Franz Liszt

Franz Liszt is a composer which, I feel, doesn't have the appreciation he deserves on this forum.

Thus, I wanted to start a discussion with other people, about Franz Liszts place in musical composition. 

He certainly was a genius, no denying that, he wrote in a very extraordinary way and even though he composed pieces that were impossible to play, basically just to prove he can play them, they sound utterly beautiful.

My absolute favorite composition by Liszt is definetly Liszt's Totentanz (https://www.youtube.com/watch?v=zGBXA1tBiLw)

In my opinion Liszt's Rondo fantastique el contrabandista is to date the most difficult piece of music to have ever been performed and mastered by any musician.

Some people might argue, that there are much more difficult pieces of music that have been performed by humans. But not Feux Follets, not La Campanella and not Mazeppa can match the piece in difficulty. 

Other than being the most difficult piece, in my opinion, El Contrabandista is a wonderful piece with a beautiful tremolo and stormy end sections.

Do other users feel the same about Liszt (Which I would frankly rank as my 2nd-3rd favorite composer, only suceeded by Bach and perhaps Beethoven) or do they have vastly different opinions?

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  • Liszt was a very interesting composer; there's a reason why he's also one of my favorite composers (maybe 4th-5th). He does have plenty of "show off" pieces (like Hungarian Rhapsodies No.2 and No.6, as well as his etudes)  that show his virtuosity. However, he does experiment a lot with his pieces; his Sonata in B minor, Un Sospiro, Funerailles, and later pieces really speak to me with a feeling of genuine compassion. One could even say that he was the predecessor of Impressionism with his experimentation of whole tone scales (in some pieces) and his evocative pieces (though it is a stretch). I respect him greatly.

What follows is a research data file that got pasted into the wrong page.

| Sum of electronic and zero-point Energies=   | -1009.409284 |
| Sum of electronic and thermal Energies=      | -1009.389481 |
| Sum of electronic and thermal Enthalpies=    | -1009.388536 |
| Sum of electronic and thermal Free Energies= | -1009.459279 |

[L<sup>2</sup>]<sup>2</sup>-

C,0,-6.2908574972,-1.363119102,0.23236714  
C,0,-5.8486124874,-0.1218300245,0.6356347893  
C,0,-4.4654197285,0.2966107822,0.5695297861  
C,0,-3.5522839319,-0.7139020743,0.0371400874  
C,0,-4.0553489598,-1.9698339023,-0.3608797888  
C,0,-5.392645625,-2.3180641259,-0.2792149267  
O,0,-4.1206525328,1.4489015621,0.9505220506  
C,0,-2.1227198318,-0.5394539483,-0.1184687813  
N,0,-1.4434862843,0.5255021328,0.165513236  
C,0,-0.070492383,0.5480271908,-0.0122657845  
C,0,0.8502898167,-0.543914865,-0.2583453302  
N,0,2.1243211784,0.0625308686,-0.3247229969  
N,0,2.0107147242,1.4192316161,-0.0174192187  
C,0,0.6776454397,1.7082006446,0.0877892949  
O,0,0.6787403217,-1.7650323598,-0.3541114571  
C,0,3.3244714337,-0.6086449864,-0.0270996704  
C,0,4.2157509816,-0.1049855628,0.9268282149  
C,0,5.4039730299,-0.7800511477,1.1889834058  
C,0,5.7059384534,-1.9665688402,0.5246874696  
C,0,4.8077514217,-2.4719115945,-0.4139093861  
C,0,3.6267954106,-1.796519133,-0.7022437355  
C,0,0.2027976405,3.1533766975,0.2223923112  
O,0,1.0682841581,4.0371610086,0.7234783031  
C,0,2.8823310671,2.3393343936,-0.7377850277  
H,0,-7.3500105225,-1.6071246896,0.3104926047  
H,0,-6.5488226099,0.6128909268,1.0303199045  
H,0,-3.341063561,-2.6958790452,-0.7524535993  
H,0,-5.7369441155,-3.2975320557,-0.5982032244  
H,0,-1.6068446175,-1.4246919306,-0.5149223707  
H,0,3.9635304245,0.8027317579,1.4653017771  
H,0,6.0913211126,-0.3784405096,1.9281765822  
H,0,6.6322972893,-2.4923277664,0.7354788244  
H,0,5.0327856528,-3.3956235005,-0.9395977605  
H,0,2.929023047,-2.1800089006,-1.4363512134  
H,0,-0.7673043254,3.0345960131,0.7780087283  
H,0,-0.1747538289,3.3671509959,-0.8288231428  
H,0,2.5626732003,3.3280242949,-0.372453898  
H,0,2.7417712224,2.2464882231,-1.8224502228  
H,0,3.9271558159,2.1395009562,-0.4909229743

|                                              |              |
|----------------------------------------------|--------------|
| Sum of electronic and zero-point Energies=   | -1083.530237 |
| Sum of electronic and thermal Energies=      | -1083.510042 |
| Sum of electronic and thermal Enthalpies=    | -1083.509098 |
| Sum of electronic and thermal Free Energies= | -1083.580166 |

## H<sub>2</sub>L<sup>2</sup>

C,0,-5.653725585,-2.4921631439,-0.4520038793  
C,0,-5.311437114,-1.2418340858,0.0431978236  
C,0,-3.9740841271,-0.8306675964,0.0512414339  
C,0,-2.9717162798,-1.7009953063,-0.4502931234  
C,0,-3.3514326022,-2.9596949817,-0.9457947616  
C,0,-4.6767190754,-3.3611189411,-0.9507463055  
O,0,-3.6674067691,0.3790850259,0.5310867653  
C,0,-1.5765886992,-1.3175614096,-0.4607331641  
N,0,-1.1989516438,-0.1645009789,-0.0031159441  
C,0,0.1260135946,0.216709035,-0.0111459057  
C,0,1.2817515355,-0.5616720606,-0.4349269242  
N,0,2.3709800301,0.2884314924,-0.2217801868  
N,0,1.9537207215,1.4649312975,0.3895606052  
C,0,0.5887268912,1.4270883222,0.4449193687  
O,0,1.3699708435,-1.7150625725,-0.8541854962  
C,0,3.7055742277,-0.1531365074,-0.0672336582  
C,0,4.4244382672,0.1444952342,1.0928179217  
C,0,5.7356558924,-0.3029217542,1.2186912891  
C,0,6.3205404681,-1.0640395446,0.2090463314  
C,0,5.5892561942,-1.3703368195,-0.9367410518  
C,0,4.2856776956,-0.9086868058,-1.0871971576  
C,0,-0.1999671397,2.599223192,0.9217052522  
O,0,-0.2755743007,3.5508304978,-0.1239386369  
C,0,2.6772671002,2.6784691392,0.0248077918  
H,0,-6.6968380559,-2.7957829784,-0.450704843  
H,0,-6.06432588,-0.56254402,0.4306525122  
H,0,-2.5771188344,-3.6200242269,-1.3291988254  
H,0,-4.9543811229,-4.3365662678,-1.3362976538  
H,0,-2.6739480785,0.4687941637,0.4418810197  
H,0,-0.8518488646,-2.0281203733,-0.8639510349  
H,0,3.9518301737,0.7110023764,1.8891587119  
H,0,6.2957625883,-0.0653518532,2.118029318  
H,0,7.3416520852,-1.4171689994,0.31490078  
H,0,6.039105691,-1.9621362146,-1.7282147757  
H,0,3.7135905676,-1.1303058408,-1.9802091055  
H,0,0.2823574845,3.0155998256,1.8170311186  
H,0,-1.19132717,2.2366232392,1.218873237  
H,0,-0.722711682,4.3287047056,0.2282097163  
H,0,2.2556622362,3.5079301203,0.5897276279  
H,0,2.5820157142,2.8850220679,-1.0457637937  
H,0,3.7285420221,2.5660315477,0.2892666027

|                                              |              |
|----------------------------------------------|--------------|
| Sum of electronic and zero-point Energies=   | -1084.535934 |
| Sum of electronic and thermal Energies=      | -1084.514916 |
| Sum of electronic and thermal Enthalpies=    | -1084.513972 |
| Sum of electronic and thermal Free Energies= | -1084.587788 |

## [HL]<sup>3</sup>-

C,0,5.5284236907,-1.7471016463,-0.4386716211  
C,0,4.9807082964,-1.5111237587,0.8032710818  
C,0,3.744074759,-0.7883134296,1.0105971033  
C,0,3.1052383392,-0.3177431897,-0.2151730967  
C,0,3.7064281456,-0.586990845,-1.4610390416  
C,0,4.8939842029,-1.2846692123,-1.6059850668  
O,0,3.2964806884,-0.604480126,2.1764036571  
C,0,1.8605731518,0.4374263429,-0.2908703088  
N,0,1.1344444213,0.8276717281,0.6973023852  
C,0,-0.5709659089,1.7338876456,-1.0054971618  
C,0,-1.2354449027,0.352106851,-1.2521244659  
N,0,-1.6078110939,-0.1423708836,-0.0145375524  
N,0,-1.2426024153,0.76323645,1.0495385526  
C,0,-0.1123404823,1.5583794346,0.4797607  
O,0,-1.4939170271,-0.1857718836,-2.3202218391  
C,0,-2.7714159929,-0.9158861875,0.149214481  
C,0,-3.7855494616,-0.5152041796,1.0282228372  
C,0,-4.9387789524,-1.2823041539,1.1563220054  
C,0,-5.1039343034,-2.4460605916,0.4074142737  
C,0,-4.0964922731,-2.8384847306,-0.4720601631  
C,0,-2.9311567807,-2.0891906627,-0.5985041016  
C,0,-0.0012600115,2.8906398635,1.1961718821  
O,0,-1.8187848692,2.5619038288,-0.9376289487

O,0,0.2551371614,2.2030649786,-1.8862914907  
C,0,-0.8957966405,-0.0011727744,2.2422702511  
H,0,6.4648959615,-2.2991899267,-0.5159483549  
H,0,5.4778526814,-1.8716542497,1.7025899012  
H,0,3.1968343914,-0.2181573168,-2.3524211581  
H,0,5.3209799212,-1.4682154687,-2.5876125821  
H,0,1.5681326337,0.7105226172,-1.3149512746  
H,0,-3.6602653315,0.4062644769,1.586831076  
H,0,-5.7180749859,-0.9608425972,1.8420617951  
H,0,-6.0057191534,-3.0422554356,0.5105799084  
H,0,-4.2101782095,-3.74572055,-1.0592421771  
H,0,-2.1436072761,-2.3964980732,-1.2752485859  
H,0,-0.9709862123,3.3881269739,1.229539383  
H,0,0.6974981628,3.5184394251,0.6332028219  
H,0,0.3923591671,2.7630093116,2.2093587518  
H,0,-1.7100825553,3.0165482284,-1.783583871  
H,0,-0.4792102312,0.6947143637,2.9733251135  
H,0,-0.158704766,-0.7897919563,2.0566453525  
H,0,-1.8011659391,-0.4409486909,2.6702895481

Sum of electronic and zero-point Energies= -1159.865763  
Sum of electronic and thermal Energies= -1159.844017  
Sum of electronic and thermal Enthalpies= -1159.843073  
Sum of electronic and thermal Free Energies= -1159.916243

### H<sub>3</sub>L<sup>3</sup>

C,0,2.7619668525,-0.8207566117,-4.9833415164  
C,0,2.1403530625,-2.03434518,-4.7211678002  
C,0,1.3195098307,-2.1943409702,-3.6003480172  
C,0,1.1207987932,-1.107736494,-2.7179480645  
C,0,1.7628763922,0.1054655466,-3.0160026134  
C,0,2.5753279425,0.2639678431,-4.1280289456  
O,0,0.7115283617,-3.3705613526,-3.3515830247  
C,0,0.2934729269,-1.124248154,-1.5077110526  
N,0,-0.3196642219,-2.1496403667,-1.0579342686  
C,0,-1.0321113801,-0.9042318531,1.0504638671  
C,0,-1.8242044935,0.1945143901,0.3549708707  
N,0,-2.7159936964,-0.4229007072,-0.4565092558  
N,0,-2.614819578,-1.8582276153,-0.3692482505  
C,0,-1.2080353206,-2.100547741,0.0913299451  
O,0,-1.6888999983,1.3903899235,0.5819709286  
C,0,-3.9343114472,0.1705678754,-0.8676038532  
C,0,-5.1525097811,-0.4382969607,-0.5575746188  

• I took the starting view that if Liszt in his earlier days was declared superfirical composer it was simply because he was also a showman and the contemporary repertoire held nothing that allowed him to show off. He had to compose. He had the composer deep within him. The B minor Sonata is one of just two unified 3 movement Sonata-form works I can recall. He was one of the biggest proponents of chromaticism. My view but he taught Wagner chromatic harmony during the time the latter was visiting. It's noticeable in the difference between Tristan and the works that preceded it. But I find little superficial about his Transcendal or the three Concert Etudes. They're dreadful to play: techincal skill has to be taken for granted so that the art can emerge. It's something a few professionals overlook as they try to bring off these pieces bravura-style but without the the nuances of expression that transcend just a technical performance.


    If nothing else, Liszt taught me how to spread a melody in the middle of everything using just the thumbs! Came in very useful.

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